How the human rights are droned
Those following the death of Taliban chief still wonder where the killing of an innocent taxi driver Muhammad Azam, who was taking the Taliban leader Mulla Akhtar Mansour in his vehicle, in a US drone attack stands. Is it legitimate in any sense? Is it not a stark violation of human rights and in contravention to international law/international norms? For human rights groups, the answer is very much clear. Some four years ago, the Columbia Law School’s Human Rights Clinic and Center for Civilians in Conflict conducted a study “The Civilian Impact of Drones: Unexamined Costs, Unanswered Questions”. It stated that the US claims of precision and the low number of civilian casualties caused by drone strikes, while not empirically disproven, obscure key questions about civilian harm in Pakistan, Yemen, and Somalia. “Drones are a technological advance, but in practice they carry their own problems for minimising harm to civilians, especially when used in places with fewer US boots on the ground,” stated Naureen Shah, Acting Director of the Human Rights Clinic at Columbia. “For example, drones produce a flood of video data that’s hard to corroborate, and it’s nearly impossible to properly investigate who was actually killed or injured.”
Sarah Holewinski, Executive Director of the Center for Civilians in Conflict, said that drones were becoming synonymous with US counterterrorism strategy. “But unlike in regular wars, policymakers are failing to ask the hard questions here, including whether other tactics or strategies are more appropriate than drone strikes, and whether US expansion of drone operations is causing more harm than good.” After one such attack in Yemen in December 2013 which ostensibly killed members of a wedding procession, the Human Rights Watch asked the US government to “ensure that the United States is taking all feasible precautions to minimise harm to civilians in targeted killings and is complying with all other obligations under the laws of war.” It also recommended: “Outside of armed conflict situations, use lethal force only when absolutely necessary to protect human life in accordance with international human rights law. Conduct prompt, thorough, and impartial investigations into the air strike outside Rada on December 12, 2013 and other strikes that may have violated the laws of war. Make public the findings, including drone videos of the attack, and seek disciplinary measures or criminal prosecutions as appropriate. Implement a system of prompt and meaningful compensation for civilian loss of life, injury, and property damage from unlawful attacks. The United States also should institute a system of condolence or ex-gratia payments, as it has done in Iraq and Afghanistan, for losses in which there is no assumption of liability.” The recommendations also included: “Explain the full legal basis on which the United States carries out targeted killings, including the attack on December 12, 2013. Publicly clarify all policy guidelines for targeted killings. Explain the apparent discrepancy between the strike on December 12, 2013 and the May 2013 policy on targeted attacks announced by President Obama on May 23, 2013.”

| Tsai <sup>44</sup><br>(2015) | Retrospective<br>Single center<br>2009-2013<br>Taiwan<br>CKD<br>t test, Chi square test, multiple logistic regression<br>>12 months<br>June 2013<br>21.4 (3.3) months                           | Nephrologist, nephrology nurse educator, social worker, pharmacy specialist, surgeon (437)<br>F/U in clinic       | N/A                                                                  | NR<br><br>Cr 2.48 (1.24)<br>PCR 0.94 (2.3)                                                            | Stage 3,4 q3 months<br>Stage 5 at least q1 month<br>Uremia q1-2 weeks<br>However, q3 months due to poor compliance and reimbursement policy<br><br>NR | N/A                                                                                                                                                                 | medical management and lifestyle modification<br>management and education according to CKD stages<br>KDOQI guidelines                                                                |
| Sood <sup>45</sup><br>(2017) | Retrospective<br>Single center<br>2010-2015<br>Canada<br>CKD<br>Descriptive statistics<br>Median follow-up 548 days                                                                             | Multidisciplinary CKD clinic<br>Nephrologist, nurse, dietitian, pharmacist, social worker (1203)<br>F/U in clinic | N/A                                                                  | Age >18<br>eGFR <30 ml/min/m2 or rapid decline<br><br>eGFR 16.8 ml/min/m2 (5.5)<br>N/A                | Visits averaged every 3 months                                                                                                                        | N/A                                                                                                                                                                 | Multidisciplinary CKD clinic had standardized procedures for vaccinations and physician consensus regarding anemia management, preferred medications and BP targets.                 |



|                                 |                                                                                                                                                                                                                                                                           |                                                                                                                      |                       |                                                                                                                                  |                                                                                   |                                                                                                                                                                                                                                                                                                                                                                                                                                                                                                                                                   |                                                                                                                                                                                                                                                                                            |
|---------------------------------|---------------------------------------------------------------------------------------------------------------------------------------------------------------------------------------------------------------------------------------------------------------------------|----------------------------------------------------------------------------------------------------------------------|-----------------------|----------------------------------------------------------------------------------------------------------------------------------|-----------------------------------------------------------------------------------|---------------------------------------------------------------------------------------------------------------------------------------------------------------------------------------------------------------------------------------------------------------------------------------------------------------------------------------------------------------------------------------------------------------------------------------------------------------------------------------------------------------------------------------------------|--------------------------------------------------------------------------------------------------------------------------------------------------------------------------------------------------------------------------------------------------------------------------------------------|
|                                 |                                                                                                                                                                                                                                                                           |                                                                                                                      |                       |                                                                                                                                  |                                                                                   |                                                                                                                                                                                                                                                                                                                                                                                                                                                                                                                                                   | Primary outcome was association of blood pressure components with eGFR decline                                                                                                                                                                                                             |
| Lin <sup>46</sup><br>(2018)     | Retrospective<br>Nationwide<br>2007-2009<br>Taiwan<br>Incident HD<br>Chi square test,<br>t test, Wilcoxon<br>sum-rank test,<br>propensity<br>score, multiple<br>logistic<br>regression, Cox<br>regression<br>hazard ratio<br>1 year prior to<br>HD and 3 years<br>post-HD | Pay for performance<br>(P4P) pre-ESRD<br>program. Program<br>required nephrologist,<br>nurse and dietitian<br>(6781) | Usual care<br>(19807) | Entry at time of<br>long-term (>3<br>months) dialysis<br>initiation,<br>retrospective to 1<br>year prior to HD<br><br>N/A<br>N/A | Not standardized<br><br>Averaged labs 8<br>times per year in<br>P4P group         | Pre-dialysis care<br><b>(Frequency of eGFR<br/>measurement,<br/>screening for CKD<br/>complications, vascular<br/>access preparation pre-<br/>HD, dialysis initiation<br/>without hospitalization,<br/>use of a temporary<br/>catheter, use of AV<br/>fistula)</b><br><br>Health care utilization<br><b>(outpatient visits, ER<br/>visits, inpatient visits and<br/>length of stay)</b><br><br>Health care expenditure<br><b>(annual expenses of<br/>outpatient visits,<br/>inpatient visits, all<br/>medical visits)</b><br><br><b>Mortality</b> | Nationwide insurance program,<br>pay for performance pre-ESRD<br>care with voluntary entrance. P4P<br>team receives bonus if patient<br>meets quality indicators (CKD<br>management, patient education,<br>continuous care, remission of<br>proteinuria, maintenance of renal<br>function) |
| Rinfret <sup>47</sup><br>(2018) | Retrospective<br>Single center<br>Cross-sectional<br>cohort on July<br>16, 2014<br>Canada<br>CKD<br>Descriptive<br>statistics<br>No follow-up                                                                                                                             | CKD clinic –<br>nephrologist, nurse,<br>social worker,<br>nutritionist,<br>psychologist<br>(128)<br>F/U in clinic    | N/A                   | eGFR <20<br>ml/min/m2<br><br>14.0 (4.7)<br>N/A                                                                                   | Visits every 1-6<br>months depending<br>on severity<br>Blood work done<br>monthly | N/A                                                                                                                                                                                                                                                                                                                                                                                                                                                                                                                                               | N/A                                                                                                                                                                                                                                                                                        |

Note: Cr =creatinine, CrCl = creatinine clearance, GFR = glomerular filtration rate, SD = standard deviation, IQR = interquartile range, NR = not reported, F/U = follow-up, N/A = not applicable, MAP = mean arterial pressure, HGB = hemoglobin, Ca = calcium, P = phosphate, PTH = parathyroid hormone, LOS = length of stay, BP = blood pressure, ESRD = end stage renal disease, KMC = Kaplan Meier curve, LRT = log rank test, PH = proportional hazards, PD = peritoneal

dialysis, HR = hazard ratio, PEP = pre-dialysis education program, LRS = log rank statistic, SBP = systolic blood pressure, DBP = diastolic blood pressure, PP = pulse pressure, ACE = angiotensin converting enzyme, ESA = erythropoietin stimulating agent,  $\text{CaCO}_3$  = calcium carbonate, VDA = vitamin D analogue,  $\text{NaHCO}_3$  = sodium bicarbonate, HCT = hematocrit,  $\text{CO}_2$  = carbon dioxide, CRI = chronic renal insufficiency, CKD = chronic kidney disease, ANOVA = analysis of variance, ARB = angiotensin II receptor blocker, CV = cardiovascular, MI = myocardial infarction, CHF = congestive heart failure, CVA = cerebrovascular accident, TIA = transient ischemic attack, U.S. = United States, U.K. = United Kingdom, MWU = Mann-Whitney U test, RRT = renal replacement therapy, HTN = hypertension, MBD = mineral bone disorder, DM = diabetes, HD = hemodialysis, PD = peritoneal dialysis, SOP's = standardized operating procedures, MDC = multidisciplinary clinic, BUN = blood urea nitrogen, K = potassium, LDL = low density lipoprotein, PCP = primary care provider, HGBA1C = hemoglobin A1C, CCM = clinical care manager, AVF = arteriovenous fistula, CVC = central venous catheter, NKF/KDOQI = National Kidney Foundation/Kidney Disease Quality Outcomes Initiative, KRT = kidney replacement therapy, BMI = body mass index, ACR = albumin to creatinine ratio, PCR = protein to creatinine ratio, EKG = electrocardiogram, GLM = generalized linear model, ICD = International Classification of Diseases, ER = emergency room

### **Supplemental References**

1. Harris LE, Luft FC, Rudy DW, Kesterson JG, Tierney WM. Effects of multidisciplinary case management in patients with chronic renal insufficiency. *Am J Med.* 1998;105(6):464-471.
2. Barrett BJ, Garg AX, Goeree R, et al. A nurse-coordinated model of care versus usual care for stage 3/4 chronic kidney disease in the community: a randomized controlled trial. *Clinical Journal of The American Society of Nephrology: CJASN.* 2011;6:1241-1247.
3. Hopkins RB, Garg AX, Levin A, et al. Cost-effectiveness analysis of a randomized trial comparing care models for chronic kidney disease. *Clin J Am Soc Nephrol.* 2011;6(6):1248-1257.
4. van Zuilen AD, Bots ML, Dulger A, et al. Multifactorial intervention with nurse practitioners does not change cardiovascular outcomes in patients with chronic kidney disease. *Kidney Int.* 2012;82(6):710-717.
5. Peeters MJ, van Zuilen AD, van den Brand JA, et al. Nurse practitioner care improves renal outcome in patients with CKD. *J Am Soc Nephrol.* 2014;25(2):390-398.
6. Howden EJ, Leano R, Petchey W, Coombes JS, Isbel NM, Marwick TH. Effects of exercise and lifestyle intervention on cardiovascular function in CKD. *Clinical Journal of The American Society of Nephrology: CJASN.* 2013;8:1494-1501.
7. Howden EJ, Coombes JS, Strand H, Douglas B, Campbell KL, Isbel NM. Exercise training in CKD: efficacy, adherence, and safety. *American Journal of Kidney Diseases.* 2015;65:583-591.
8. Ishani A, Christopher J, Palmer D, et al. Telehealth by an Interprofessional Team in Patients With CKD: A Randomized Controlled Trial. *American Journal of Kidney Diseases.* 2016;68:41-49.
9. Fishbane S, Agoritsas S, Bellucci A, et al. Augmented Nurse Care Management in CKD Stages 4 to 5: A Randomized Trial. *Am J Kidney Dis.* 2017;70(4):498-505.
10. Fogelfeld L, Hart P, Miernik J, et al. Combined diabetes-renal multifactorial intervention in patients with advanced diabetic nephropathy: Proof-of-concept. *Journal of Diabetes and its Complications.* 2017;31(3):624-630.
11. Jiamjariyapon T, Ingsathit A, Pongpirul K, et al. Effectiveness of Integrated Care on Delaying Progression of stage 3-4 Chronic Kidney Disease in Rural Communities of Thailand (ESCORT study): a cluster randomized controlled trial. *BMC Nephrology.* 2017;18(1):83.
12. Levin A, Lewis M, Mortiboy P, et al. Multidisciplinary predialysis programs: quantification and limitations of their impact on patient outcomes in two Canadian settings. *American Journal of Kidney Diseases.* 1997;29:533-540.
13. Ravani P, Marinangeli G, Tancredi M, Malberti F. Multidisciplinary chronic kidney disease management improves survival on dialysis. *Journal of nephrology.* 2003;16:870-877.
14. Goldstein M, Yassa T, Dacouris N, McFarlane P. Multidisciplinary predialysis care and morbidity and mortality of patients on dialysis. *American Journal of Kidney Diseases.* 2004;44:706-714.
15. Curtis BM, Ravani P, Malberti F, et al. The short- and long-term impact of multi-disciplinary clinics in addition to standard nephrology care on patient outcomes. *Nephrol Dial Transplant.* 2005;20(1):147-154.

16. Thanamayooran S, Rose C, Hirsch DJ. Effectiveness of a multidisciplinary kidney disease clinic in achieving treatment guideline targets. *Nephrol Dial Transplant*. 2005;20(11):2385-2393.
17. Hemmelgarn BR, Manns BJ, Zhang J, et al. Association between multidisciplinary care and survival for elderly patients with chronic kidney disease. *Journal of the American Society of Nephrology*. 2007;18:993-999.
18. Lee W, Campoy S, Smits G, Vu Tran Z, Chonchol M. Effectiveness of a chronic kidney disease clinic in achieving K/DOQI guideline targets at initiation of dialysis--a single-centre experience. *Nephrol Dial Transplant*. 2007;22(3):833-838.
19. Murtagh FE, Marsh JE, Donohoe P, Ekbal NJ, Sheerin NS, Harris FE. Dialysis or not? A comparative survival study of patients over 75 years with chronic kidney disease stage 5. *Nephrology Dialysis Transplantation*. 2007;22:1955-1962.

Similarly, in 2013, the Amnesty International also launched a report which said that “new evidence indicates that the USA has carried out unlawful killings in Pakistan through drone attacks, some of which could even amount to war crimes.” Mustafa Qadri, Amnesty International’s Pakistan Researcher, stated: “Secrecy surrounding the drones programme gives the US administration a license to kill beyond the reach of the courts or basic standards of international law. It’s time for the USA to come clean about the drones programme and hold those responsible for these violations to account.”Amnesty stated that contrary to US official claims that those killed were terrorists, its research showed that the victims of these attacks were not involved in fighting and posed no threat to life.
“We cannot find any justification for these killings. There are genuine threats to the USA and its allies in the region, and drone strikes may be lawful in some circumstances. But it is hard to believe that a group of labourers, or an elderly woman surrounded by her grandchildren, were endangering anyone at all, let alone posing an imminent threat to the United States,” Qadri declared at that time. The above blunt statement by Qadri perhaps explains the poor innocent taxi driver’s killing by a US drone, three years after they were delivered towards an unresponsive world, especially officials of the US administration.